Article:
# 3 Tracking Changes (git add & commit)

The key commands for documenting changes are git add and git commit.

Key terms/commands:

• Commits: a “commit” adds your latest changes to your repository. If a change is not committed, Git would not recognize the change.

• git add: tells git which file’s changes you want to document. Formally, this is called adding a file to the “index/staging area”.

• git commit: tells git to document the changes you specified using git add (i.e., the files in the staging area), with an accompanying commit message that you have to provide to explain what changes were made.

While the process of adding and then committing seems redundant, overtime it will be apparent why we don’t always just commit ALL changes that have been made to your files, and how the ‘mandatory’ commit message creates a good documentation for your project.

## 3.1 Adding new files/modification (git add)

Make sure you are in the correct directory

cd ~/workdir

Make a new file foo.txt

touch foo.txt

Check the status

git status
## On branch master
##
## No commits yet
##
## Untracked files:
##   (use "git add <file>..." to include in what will be committed)
##
##  foo.txt
##
## nothing added to commit but untracked files present (use "git add" to track)

The status tells you foo.txt is not being tracked, and that you can use git add to start tracking it.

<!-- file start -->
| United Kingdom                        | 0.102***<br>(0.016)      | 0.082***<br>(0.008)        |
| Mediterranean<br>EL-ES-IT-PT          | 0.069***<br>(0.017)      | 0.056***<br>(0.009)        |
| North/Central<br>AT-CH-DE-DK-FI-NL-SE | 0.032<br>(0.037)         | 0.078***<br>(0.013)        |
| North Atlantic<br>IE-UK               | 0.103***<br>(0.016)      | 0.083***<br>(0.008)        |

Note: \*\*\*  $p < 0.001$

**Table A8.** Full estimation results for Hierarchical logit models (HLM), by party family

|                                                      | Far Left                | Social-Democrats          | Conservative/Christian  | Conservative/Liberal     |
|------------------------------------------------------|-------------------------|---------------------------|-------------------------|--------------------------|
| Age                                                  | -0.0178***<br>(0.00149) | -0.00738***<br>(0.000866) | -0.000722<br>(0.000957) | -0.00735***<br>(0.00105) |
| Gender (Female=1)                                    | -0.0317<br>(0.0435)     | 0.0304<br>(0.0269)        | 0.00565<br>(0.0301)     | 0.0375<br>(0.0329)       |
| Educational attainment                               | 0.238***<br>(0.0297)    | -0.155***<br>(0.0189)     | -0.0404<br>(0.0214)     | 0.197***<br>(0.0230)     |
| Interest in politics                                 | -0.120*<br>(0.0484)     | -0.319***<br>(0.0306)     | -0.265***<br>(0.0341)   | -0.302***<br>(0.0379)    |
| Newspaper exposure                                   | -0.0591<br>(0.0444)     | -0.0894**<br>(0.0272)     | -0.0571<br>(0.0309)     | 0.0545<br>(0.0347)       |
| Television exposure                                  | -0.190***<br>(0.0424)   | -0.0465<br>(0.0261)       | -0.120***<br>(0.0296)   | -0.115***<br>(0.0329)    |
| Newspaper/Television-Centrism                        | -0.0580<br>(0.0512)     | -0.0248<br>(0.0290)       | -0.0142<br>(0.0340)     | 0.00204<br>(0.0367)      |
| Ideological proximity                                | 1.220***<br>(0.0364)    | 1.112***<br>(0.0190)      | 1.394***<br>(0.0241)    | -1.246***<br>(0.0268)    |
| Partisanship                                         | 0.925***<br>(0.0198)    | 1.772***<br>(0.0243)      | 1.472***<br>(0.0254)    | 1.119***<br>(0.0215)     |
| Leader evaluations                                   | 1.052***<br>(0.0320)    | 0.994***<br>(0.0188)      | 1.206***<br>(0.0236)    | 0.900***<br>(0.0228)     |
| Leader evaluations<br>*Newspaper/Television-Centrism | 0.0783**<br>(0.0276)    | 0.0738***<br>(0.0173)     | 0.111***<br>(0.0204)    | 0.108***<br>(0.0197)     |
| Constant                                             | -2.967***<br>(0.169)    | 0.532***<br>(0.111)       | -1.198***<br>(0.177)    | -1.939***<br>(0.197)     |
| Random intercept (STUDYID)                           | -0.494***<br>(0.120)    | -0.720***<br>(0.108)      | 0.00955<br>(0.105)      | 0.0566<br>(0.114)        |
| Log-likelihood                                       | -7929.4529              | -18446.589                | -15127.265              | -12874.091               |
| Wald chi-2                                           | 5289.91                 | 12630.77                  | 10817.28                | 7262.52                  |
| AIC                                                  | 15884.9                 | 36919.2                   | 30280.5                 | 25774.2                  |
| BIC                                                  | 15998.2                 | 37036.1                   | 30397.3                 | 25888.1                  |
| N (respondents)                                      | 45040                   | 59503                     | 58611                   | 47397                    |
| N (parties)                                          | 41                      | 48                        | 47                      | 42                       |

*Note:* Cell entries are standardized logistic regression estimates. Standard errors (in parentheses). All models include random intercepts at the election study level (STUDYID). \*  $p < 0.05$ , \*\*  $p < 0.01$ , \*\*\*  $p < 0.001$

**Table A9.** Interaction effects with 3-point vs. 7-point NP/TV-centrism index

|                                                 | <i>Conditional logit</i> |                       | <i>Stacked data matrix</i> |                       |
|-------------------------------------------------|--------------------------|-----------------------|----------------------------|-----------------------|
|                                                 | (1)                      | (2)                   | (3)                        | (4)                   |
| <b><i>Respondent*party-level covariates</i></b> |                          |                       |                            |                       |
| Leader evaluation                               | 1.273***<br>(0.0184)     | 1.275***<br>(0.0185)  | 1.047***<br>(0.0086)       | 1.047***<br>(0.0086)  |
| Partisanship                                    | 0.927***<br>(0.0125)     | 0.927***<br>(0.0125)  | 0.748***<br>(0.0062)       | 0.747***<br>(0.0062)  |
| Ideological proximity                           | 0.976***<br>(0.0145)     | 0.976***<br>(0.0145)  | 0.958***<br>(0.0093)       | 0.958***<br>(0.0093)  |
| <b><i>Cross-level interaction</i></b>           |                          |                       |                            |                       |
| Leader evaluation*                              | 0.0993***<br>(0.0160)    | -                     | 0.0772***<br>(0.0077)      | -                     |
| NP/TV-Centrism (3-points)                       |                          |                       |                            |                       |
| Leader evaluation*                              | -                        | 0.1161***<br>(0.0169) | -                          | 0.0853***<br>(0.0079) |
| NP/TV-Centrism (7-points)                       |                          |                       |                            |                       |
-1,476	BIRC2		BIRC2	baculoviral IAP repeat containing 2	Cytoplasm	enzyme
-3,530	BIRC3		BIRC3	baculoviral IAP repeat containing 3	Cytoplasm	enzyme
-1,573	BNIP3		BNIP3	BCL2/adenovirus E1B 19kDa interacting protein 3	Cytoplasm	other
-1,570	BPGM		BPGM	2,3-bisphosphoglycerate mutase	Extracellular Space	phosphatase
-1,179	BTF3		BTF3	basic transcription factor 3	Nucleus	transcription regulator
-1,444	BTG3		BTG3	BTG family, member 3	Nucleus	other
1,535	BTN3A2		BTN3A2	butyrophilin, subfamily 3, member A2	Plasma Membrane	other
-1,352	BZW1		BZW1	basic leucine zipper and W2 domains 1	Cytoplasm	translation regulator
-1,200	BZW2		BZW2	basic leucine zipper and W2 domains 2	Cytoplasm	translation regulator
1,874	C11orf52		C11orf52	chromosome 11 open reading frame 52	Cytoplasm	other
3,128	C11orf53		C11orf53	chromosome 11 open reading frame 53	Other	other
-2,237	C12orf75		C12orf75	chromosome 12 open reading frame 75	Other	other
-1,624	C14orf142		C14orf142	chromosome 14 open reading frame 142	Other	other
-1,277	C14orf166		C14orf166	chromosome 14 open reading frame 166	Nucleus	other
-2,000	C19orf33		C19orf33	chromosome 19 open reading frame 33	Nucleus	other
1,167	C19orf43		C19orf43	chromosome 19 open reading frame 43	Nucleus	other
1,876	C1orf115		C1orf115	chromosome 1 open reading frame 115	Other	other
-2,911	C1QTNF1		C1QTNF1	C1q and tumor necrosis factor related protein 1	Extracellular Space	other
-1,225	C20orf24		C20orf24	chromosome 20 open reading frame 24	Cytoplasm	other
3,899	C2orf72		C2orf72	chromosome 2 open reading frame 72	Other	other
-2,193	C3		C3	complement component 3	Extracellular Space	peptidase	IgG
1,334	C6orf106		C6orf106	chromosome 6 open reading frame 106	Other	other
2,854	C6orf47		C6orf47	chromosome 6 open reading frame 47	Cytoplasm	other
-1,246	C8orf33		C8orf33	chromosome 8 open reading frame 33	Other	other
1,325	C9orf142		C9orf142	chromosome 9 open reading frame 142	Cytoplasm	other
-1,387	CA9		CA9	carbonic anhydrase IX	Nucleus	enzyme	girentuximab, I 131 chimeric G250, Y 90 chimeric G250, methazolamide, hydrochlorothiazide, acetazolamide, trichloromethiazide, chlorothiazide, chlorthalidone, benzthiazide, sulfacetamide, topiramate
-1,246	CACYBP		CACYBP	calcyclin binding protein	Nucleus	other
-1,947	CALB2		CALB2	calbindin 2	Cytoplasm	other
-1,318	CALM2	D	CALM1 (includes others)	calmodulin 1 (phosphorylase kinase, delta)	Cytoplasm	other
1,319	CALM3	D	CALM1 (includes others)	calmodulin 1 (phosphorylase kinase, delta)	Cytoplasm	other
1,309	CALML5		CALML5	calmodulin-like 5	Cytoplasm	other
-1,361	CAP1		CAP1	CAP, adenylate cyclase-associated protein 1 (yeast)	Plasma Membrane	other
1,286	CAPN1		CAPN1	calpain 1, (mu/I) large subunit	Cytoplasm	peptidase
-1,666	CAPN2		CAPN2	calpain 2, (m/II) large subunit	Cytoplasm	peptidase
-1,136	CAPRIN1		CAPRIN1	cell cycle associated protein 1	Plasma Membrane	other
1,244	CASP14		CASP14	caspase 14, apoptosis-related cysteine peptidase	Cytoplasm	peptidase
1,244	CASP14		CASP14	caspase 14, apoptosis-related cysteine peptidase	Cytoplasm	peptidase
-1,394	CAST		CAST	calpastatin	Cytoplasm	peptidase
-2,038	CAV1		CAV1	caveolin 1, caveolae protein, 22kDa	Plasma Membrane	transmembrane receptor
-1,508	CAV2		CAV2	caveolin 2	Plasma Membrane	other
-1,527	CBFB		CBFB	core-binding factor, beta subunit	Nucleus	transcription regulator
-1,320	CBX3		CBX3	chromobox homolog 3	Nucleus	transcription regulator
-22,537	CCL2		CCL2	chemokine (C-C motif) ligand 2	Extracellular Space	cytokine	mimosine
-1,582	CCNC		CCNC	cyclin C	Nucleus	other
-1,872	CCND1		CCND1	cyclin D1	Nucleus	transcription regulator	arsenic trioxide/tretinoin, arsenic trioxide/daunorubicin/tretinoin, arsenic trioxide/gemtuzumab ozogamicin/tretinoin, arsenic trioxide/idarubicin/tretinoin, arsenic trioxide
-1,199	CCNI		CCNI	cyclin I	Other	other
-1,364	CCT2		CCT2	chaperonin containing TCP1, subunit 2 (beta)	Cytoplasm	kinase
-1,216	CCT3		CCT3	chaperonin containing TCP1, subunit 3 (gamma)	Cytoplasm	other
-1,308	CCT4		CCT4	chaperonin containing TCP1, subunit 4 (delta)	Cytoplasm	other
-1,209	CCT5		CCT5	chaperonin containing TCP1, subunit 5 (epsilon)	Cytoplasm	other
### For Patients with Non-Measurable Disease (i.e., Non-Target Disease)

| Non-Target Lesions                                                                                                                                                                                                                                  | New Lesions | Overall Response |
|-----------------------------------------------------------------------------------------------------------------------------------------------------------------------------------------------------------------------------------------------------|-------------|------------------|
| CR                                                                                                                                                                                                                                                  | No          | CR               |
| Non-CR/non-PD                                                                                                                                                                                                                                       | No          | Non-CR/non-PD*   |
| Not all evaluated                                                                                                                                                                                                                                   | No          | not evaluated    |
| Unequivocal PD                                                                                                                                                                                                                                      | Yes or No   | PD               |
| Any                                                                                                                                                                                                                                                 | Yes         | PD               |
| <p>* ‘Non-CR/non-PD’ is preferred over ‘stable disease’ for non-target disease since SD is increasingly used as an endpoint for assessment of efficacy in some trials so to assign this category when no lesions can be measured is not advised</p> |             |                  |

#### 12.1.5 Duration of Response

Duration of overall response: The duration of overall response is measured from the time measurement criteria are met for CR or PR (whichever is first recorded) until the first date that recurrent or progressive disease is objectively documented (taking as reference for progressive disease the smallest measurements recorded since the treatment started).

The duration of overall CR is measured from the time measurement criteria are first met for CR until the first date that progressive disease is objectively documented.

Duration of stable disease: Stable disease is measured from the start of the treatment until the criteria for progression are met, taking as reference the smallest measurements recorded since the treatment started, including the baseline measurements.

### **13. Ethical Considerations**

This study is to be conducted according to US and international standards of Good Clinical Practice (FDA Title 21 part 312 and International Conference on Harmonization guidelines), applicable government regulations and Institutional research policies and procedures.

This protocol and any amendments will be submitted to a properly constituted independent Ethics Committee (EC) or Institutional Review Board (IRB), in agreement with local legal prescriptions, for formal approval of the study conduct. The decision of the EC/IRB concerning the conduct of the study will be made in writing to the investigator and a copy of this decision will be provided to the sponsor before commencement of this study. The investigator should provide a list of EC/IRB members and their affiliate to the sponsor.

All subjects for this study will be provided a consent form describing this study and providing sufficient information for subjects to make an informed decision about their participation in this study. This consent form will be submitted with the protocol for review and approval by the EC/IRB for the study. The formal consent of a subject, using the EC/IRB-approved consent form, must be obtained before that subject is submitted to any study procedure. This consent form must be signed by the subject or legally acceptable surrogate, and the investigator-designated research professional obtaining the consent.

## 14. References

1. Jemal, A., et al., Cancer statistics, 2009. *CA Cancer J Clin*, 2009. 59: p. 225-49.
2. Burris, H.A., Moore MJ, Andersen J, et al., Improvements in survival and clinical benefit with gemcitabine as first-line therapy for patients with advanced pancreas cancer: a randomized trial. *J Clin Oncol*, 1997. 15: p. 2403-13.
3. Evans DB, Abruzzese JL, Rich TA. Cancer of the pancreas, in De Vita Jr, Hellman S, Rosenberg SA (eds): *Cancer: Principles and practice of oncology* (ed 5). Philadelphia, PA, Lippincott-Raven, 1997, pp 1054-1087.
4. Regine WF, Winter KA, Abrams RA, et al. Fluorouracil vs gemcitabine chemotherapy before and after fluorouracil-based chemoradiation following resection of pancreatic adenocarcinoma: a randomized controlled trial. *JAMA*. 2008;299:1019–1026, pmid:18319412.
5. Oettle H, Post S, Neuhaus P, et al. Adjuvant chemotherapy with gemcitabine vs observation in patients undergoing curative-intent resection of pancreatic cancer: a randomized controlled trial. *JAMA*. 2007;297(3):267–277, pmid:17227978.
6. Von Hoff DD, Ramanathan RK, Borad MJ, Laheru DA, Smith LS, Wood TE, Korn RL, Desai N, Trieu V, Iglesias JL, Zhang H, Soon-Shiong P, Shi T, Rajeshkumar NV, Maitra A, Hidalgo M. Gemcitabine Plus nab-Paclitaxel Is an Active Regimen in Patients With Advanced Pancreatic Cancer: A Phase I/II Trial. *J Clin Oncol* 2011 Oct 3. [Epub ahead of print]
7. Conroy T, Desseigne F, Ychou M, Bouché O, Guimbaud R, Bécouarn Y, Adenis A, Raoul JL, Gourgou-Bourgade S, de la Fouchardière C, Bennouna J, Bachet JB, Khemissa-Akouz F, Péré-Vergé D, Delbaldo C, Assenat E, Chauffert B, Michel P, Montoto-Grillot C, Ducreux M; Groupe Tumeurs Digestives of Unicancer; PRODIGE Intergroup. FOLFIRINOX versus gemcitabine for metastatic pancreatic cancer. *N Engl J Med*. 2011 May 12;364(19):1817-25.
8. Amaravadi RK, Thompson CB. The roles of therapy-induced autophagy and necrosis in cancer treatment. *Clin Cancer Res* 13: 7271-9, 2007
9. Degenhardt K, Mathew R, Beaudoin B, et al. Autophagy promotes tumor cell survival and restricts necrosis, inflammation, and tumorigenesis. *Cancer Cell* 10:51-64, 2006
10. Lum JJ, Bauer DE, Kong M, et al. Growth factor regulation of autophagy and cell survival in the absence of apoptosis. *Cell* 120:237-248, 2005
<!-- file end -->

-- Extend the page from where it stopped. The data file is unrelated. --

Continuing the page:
If there are untracked files, we would like to add those files so git will track their changes:

git add foo.txt

Check the status again, foo.txt should now be ready to get committed (a commit is a revision to your files).

git status
## On branch master
##
## No commits yet
##
## Changes to be committed:
##   (use "git rm --cached <file>..." to unstage)
##
##  new file:   foo.txt

The status now tells you there are “Changes to be commited”, and foo.txt is listed as a new file (in green).

## 3.2 Saving these changes to the repository (git commit)

Commit the file and note the identifier for this commit (e.g., f22b25e):

git commit -m "Add foo.txt to repo"
## [master (root-commit) ba1f4e7] Add foo.txt to repo
##  1 file changed, 0 insertions(+), 0 deletions(-)
##  create mode 100644 foo.txt

The output of a commit will tell you what has changes has been commited to the repository. In this example, “1 file was changed”. There is 0 insertions or deletions as the file is empty. “create mode” means that a file is being added to the repository (first time Git is being told this file exist).

What have we done so far? Let’s check the log, which list all the commits made so far.

git log
## commit ba1f4e75e4e05ad3dd9d234ea70981f9b802197c
## Date:   Sat Nov 16 04:13:04 2019 +0000
##
##     Add foo.txt to repo

Each commit in the log is identified by a long unique identifier. The author (and their email) of this commit is listed Lastly, the commit message will appear under the identifier and author.

## PRACTICE - Let’s add a line to the file and add/commit it

Add some text to the file foo.txt

echo hello >> foo.txt

Add & commit your changes to foo.txt

git add foo.txt
git commit -m "Add hello in foo.txt"
## [master 7c8d623] Add hello in foo.txt
##  1 file changed, 1 insertion(+)

The output tells you that you have added 1 file and there is 1 insertion(+)

Check the status and log again using git status and git log

## Notes

• Git does not track an empty directory, so until a directory has a file in it, git would not track it.

• If you want to correct the most recent commit message, use git commit --amend

You have now used Git to track the file foo.txt. You can use git log to read what you have done so far in this repository!